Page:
Archive for the ‘Pharmaceuticals’ Category

Pyongsu to open new pharmacy in Phyongsong

Sunday, September 8th, 2013

According to Yonhap:

A joint venture between North Korea and Switzerland will open its first chain drugstore in a provincial city in the communist country by the end of this year, according to the company’s website Sunday.

The new store will be situated in Pyongsong, South Pyongan Province, where many of the North’s well-off people who can afford medicine live, the Pyongsu Pharma J-V Co. said.

Launched in 2004 as a joint venture between Parazelsus, a Swiss investment and management company with a focus on healthcare, and Pyongyang Pharmaceutical Factory under the North’s health ministry, Pyongsu Pharma has since opened nine chain stores in Pyongyang to provide North Koreans with essential medicine, such as aspirin and digestive aids.

Pyongsong, located just north of Pyongyang, is the capital of North Pyongan Province. It was developed into a science-research city, housing many research institutes in the 1960s, but now is a hub of logistics for distributing everyday goods all over the country.

Last month, the North Korean authority opened the city to foreign tourists, according to a Chinese tourism agency specializing in tours to the North.

“Since medicine is as precious as rice in North Korea, Pyongsong will be crowded with people coming to buy medicine from other parts of the country if a drug store opens in the city, which has a relatively well-developed traffic network with other cities,” a source well informed on North Korea said.

Read the full story here:
N.K.-Swiss joint venture to open drugstore in N.K. provincial city
Yonhap
2013-9-8

Share

North Korean products in department stores on the rise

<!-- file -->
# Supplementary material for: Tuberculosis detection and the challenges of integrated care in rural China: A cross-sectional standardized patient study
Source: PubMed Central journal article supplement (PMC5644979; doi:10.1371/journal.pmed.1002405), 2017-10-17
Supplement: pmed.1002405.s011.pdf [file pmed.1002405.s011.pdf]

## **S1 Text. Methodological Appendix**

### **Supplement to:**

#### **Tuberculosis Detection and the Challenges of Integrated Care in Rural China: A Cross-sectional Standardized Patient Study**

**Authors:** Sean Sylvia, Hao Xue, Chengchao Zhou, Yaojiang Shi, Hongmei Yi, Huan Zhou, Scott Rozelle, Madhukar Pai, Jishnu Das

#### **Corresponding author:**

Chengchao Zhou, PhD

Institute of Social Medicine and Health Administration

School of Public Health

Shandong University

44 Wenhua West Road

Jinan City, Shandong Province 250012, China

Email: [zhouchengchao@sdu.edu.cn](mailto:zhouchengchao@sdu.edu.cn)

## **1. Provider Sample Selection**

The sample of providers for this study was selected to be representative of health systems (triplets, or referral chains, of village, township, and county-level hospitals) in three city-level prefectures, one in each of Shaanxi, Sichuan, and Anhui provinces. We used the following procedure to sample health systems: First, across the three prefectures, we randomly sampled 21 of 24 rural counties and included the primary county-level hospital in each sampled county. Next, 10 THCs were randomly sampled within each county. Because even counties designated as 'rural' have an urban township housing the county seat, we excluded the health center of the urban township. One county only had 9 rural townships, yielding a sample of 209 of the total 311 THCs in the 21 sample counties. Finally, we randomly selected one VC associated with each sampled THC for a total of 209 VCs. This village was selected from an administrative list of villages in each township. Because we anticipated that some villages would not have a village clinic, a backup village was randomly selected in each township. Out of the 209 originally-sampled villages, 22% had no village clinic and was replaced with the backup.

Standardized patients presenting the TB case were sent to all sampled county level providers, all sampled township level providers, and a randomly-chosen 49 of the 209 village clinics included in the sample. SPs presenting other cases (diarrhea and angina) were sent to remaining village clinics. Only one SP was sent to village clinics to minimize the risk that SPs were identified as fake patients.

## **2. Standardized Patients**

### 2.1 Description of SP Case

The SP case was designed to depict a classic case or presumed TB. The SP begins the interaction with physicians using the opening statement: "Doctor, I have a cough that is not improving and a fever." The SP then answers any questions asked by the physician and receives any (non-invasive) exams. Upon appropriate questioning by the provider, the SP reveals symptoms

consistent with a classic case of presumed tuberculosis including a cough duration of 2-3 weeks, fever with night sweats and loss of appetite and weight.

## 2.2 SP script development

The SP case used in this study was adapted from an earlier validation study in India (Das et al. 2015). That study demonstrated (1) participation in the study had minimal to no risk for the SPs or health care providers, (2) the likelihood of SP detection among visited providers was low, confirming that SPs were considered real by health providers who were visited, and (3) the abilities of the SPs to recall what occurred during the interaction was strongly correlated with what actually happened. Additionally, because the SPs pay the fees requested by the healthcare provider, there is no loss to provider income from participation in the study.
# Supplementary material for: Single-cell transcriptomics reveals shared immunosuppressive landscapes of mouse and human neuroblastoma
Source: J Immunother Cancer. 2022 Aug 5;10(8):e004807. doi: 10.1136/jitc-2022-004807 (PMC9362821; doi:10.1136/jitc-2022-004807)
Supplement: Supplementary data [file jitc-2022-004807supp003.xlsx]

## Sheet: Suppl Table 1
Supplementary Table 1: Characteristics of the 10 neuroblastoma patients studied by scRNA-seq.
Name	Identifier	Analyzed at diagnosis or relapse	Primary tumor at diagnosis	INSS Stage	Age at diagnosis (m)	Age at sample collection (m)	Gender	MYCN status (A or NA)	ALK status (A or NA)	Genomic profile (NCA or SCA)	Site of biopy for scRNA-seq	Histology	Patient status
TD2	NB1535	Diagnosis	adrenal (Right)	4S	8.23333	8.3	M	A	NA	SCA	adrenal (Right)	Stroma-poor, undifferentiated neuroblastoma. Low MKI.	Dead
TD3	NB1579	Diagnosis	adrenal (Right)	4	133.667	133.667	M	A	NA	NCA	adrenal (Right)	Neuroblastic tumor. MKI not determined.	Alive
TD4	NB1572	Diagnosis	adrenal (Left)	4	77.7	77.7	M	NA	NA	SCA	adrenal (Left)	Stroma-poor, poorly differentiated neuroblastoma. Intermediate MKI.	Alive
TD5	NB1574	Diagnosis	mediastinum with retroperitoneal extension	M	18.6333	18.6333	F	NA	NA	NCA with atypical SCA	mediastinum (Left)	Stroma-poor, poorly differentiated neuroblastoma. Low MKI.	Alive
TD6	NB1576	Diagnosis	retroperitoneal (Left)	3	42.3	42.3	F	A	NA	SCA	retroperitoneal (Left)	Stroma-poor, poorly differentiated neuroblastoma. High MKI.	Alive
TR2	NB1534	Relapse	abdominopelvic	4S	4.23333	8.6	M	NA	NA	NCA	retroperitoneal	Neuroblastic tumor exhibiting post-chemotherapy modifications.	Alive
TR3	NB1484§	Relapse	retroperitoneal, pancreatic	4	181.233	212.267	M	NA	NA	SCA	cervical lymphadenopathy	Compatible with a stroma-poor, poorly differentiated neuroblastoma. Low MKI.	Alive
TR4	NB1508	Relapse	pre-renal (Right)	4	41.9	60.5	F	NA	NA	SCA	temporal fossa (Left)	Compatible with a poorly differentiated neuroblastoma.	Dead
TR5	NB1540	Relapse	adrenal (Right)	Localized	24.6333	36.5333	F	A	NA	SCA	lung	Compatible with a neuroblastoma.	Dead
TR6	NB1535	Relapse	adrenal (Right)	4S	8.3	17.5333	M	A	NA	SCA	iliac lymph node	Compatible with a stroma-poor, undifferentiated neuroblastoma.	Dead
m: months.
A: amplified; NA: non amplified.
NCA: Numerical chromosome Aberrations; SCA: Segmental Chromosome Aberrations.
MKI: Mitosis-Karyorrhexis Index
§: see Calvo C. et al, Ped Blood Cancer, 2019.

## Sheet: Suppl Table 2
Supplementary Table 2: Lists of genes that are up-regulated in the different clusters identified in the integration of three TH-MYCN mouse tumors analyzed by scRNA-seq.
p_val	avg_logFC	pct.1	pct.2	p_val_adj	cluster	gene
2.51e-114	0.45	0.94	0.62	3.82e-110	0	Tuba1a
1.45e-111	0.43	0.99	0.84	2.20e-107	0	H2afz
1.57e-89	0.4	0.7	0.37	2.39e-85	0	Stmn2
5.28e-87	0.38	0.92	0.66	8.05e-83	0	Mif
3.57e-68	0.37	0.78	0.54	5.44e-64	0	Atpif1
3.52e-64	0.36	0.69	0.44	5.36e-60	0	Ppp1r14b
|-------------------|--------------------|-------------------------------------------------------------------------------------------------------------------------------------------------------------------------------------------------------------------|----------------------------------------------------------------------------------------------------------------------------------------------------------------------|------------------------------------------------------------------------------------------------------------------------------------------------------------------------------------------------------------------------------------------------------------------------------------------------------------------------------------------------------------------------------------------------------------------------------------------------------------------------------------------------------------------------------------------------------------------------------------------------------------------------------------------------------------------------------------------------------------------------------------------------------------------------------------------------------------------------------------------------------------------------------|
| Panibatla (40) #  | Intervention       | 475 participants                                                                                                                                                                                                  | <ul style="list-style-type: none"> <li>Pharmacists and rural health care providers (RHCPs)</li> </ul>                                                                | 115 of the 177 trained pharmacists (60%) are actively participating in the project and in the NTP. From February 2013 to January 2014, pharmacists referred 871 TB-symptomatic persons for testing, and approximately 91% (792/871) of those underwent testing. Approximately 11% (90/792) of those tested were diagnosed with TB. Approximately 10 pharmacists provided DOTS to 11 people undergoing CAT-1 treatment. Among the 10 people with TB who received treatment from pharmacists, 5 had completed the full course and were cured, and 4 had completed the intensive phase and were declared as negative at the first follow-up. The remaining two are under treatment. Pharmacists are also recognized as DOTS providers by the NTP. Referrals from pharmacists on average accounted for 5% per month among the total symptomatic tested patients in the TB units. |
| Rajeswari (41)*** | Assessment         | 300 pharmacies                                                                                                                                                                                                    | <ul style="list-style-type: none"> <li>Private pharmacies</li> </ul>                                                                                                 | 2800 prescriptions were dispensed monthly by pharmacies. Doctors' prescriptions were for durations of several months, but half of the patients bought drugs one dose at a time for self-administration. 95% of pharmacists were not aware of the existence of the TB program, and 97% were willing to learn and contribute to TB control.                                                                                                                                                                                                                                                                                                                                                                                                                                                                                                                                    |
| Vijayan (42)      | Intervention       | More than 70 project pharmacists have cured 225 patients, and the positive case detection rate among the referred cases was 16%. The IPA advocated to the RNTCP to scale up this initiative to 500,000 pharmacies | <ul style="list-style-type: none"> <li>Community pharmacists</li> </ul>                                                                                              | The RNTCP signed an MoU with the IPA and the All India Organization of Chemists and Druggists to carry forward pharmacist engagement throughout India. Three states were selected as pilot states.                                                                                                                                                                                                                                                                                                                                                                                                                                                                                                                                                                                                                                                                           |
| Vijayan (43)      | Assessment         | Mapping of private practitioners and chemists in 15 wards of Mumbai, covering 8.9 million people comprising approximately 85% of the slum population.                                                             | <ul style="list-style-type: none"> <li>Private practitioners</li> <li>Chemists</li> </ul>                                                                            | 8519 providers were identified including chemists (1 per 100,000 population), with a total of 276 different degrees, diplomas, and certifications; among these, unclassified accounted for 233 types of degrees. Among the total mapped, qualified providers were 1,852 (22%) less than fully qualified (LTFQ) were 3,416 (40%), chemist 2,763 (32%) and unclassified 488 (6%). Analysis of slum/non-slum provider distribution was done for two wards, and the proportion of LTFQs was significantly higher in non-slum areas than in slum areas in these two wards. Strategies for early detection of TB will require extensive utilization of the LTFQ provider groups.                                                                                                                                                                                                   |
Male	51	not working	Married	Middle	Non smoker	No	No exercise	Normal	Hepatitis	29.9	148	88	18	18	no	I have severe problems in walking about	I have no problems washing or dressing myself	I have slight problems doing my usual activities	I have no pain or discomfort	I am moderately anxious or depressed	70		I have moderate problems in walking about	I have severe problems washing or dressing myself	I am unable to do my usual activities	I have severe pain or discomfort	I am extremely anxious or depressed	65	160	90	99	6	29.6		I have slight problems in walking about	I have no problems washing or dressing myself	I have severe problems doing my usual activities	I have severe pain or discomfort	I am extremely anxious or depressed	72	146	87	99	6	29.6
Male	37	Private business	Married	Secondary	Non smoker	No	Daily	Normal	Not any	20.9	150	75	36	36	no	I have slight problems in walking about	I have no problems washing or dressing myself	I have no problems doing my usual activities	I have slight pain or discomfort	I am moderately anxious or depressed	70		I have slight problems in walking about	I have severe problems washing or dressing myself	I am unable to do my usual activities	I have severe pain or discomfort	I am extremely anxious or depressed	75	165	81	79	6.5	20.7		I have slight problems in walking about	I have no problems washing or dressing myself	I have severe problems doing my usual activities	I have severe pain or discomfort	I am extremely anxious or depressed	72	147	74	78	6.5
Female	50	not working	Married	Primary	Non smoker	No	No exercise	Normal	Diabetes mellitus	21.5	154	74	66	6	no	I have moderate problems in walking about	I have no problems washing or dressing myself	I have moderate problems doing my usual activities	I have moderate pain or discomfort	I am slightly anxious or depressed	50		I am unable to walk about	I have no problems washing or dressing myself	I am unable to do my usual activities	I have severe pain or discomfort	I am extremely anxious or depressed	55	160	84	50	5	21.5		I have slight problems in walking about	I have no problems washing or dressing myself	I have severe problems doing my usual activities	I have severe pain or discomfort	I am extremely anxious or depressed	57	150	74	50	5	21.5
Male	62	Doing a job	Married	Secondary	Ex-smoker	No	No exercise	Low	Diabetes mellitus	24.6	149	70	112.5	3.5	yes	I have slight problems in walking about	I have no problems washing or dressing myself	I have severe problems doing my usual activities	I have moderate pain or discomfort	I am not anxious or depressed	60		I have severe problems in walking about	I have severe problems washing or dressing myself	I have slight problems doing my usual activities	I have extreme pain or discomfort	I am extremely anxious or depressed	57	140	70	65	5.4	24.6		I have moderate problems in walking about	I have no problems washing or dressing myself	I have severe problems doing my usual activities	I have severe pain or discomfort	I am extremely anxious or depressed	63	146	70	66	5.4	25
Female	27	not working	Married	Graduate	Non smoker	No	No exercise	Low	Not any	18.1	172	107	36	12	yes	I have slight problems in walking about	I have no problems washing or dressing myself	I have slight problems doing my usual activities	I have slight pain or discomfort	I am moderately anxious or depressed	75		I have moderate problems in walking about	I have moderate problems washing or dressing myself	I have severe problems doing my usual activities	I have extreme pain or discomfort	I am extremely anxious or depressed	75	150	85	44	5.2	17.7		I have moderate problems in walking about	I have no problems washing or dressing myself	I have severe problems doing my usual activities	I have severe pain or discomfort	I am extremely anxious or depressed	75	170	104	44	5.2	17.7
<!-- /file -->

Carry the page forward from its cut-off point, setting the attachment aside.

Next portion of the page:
Friday, February 22nd, 2013

Institute for Far Eastern Studies (IFES)
2013-2-22

The number of North Korean made products is increasingly on the rise at North Korean department stores. Reportedly, 70 percent of the merchandise on the shelves in North Korea’s largest department store, Pyongyang Department Store No. 1, is North Korean made.

Japan-based pro-North Korean newspaper Choson Sinbo reported on February 13 that the bestselling item is apple juice made from the Taedong River Combined Fruit Farm, sold from the kiosk located on the first floor of Pyongyang Department Store No. 1. Sonhung Food Factory products, especially bread and confectionaries, are also said to be very popular.

The newspaper commented that the regularly held product exhibition shows at the department store have created competitive environment for local factories and companies and contributed to the production of high-quality products. They also emphasized that exhibition of products began on account of recommendations of the former North Korean leader, Kim Jong Il.

It further added, “The product exhibition invites participation from light industry factories and enterprises and its affiliated units from central and regional areas as well as department stores in Pyongyang and general stores that sell industrial products.” It commended the expos to be well received by the local people for filling the shelves with local products.

The first exhibition began in December 2010, and the second and third exhibitions were held in July 2011 and January 2012, respectively. Selling of Taedong River Combined Fruit Farm products began from the third exhibition.

In an interview with Choson Sinbo, Kim Miyoung, commerce director of Pyongyang Department Store No. 1, said the following: “Employees of the department stores and our patrons never imagined a day like this would come where our department store shelves are filled with North Korea made products, especially when we were going through the difficult economic times.”

The news also reported the opening of North Korea’s first 24-hour pharmacy. Pyongsu Pharmaceutical, a joint venture company between North Korea and Switzerland, has claimed to have opened North Korea’s first 24-hour pharmacy, called Taedongmun Pharmacy, in Pyongyang last August. Pyongsu pharmaceutical joint venture company was established from September 2004 between InterPacific Group of Switzerland and Pyongyang Pharmaceutical Factory under the Ministry of Health of the DPRK. They both produce and sell pharmaceutical products in Pyongyang. Its homepage introduces nine operating pharmacies in Pyongyang. (See Pyongsu’s website for details: www.pyongsu.com.)